A word bomb to rock the senses

BECK ELEVEN
Last updated 08:28 23/02/2013

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Beck Eleven

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It happened some time ago when the larger aftershocks were still frequent. Boom! It was one of those loud, rumbling tremors with the added effect of glasses going ting-a- ling and lighter objects wobbling on shelves.

Typically, everyone froze for a millisecond and made wide-eyed contact but by then it was over and the adrenaline silliness started. Children first: "Ha ha! It's God's fart. God's farting! God's farting!"

"Yeah!" I replied. "It sure is God farting."

My enthusiasm was false. I felt awful. It wasn't due to the aftershock but hearing children chant that awful word. I grew up with the word "fart" ranked almost as highly as that other four-letter f-word. We had to say "bomb".

Yes, that's right, bomb, which means sentences like these were not uncommon throughout my childhood: Rebecca, did you bomb? Hey, who bombed? Tell your cousin not to bomb. Say pardon after you bomb, - that kind of thing. You can imagine how confusing it was to read headlines about nuclear weapons.

As liberal as I am with common swearwords, I still get a pang of ick when people, especially children, say fart - even if it is proven to have psychological benefits for coping with earthquake trauma.

When people say society is going to hell in a handbasket, it's because children use that word.

Earlier this week, I was startled in the breakfast foods aisle of the Stanmore Rd New World. They sell a cereal called Cocoa Bombs. Through no fault of my own, the process went: "If bomb equals fart, then cocoa bomb is something more, um, solid." Don't blame me. Mum started it. Perhaps you need to think about what you make your children say. This very day you might be ruining breakfast cereal for your little ones.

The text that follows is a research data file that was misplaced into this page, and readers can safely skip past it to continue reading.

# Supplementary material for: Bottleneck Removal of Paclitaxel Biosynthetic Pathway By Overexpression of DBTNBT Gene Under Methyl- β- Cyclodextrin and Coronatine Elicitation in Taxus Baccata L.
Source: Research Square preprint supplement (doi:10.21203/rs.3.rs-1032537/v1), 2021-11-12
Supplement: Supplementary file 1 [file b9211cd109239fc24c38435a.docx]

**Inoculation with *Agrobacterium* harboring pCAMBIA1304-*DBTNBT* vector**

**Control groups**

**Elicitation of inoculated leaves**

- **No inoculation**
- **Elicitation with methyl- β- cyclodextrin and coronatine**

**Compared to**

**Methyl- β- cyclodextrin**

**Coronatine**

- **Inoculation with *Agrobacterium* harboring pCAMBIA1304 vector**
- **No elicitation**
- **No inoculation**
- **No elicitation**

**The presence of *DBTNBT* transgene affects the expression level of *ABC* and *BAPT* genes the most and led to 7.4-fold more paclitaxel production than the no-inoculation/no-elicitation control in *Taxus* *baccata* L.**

There are plenty of euphemisms for the small explosion of gas that is expelled through the body's leading exhaust pipe.

As far as I know, my family is the only one to use "bomb". Other friends say/grew up with "pop-offs", "fluffs", "stinky poppers", "pootinks", "trumps", "pardies", "bottom burps", "blow offs", "poo noises", "unspeakable evil", "let- offs" and one friend admitted her boys have taken to saying they've just "done some poo dust" (much to her displeasure).

Roald Dahl's "wiz poppers" is reasonably popular, too, and although it may not be highbrow, at least it is a literary reference.

I worry about the raft of animals and objects who are taking the blame. "That was a squeaky tyre", "who shot a bunny?", "oops, I trod on a beetle", "excuse me, I stood on a duck". These are God's innocent creatures for goodness' sake.

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I discovered there are those who totally disassociate themselves from the biological process by saying "pardon my bottom".

One English friend was brought up to call them "trafs", which lead to such odd excuses as "taking a trip to old Trafford" or "going to see Sir Alex".

My most hated of all the euphemisms is "guff" but saddest of all was this confession from a sheltered friend:

"We didn't have a word for fart. I literally do not remember anyone in my family farting. Ever."

During my extensive research, I discovered that it really didn't matter what you were brought up to say or how you were brought up to pardon yourself after passing wind.

I have a friend whose childhood was similar to mine in that fart was a terrible swear word. I suppose her poor parents hoped she would grow up polite and refined in such matters. I have seen her pull her own finger.

A while ago, I was in the passenger seat of her car. She wound up the windows and asked if I could smell petrol.

I said no.

"I'm sure I can," she said. "Take a big sniff."

Let's just say, it wasn't petrol.

- The Press

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